This is a post by regular contributor Kimberley, who runs the social media at BCS. Kimberley is currently writing up her PhD in Mediterranean Archaeology and is based in Amsterdam, The Netherlands. Every once and a while, she will blog at BCS about all things beer and Classical in the Low Countries or – as I’d like to call it – ‘The Nether Regions’.
A while ago, BCS asked our followers on social media, as well as members of the Dutch Facebook group Beer Geeks, about their favorite Classically-themed beers. We assembled a nice list of brews to try with this week’s selection the first on this list: Oedipus’ Mannenliefde – suggested by Maarten van Vliet. Cheers Maarten and thanks for your input!
Mannenliefde is Oedipus’ first beer. It is a Saison that is sour in the nose but does not taste very tangy. The brew is light and refreshing with subtle hints of citrus, probably from the added lemon grass. Mannenliefde also contains Szechuan pepper, but – admittedly – I did not pick up on that. The hops used are of the fruity Sorachi Ace variety.
Mannenliefde means ‘men-love’ in Dutch. As an archaeologist of ancient Greece, my gut reaction was to assume that this name was chosen to correlate with the brewery’s name, Oedipus, and to continue the ‘ancient Greek theme’ so to speak. This might require some explanation: If you read ‘men-love’ as a reference to homosexuality, the beer’s name could refer to certain forms of homosexuality that were accepted in ancient Greece as part of the ‘education’ of young men by older ‘mentors’. This is known as ‘pederasty’ or ‘boy-love’, a term not too far removed from ‘men-love’. As it turns out, this link to the beer has no basis in reality. As the guys behind Oedipus explain, ‘mannenliefde’ refers to them as men who love everything. “Love for each other, love for brewing and a serious love for sharing our beer with everyone.”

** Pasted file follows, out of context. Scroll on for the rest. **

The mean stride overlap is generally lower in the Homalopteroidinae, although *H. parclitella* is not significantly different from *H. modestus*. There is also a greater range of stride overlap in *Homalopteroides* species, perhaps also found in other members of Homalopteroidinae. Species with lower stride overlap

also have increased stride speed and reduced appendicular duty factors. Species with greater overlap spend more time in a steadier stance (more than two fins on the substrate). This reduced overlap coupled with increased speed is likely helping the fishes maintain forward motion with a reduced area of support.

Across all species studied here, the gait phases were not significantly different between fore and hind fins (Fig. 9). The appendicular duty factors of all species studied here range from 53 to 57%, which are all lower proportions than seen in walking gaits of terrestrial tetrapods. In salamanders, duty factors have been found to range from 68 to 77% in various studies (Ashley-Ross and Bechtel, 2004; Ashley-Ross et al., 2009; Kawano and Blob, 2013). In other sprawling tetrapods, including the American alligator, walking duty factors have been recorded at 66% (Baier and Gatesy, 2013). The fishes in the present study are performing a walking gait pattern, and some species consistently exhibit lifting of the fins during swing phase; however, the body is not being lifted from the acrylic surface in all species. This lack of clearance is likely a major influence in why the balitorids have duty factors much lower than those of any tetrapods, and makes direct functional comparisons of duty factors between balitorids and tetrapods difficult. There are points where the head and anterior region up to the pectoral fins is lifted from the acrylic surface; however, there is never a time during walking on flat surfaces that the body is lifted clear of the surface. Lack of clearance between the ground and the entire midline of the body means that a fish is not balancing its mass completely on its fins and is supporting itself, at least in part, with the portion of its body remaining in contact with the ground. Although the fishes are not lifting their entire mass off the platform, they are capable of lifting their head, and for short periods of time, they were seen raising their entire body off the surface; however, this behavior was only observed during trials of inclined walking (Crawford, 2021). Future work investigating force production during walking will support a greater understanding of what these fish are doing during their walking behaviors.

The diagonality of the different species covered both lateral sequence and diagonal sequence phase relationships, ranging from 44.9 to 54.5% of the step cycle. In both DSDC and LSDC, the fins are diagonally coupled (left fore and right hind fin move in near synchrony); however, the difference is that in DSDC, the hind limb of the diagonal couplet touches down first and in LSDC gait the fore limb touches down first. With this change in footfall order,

Intriguingly, one might argue that the myth of Oedipus is about the exact opposite of ‘mannenliefde’. In a previous post on the brewery and their Kimchi festival, I already summarized some of the main features of the Oedipus myth. The key event in the story is Oedipus’s killing of his father, king Laius, without Oedipus knowing the identity of his victim. This murder was essentially an early instance of road rage – Oedipus and his father argue about who has the right of way on a major crossroads and one ends up dead. In the aftermath of this part of Oedipus’s story, we encounter more ‘non-mannenliefde’. Oedipus’ two sons (and brothers BTW, because his wife was also his mother) fight over the throne and eventually kill each other. A third example is found in the backstory to the Oedipus myth. According to the playwright Euripides, the unfortunate series of events that plague Oedipus’s family was the result of a curse that his father had called upon himself after he kidnapped and violated one of his students. This was not considered acceptable within the system of pederasty. It was particularly vile, in fact, because it happened while king Laius was a guest in the household of the victim’s father. So, really, the story of Oedipus has nothing to do with men who love but rather with men who commit acts of violence. Way to put a negative spin on such a positive name, Kimberley!
Ingredients: water, barley malt, wheat malt, hops, lemon grass, Szechuan pepper, yeast
Brewed: Oedipus Brewing, Amsterdam, The Netherlands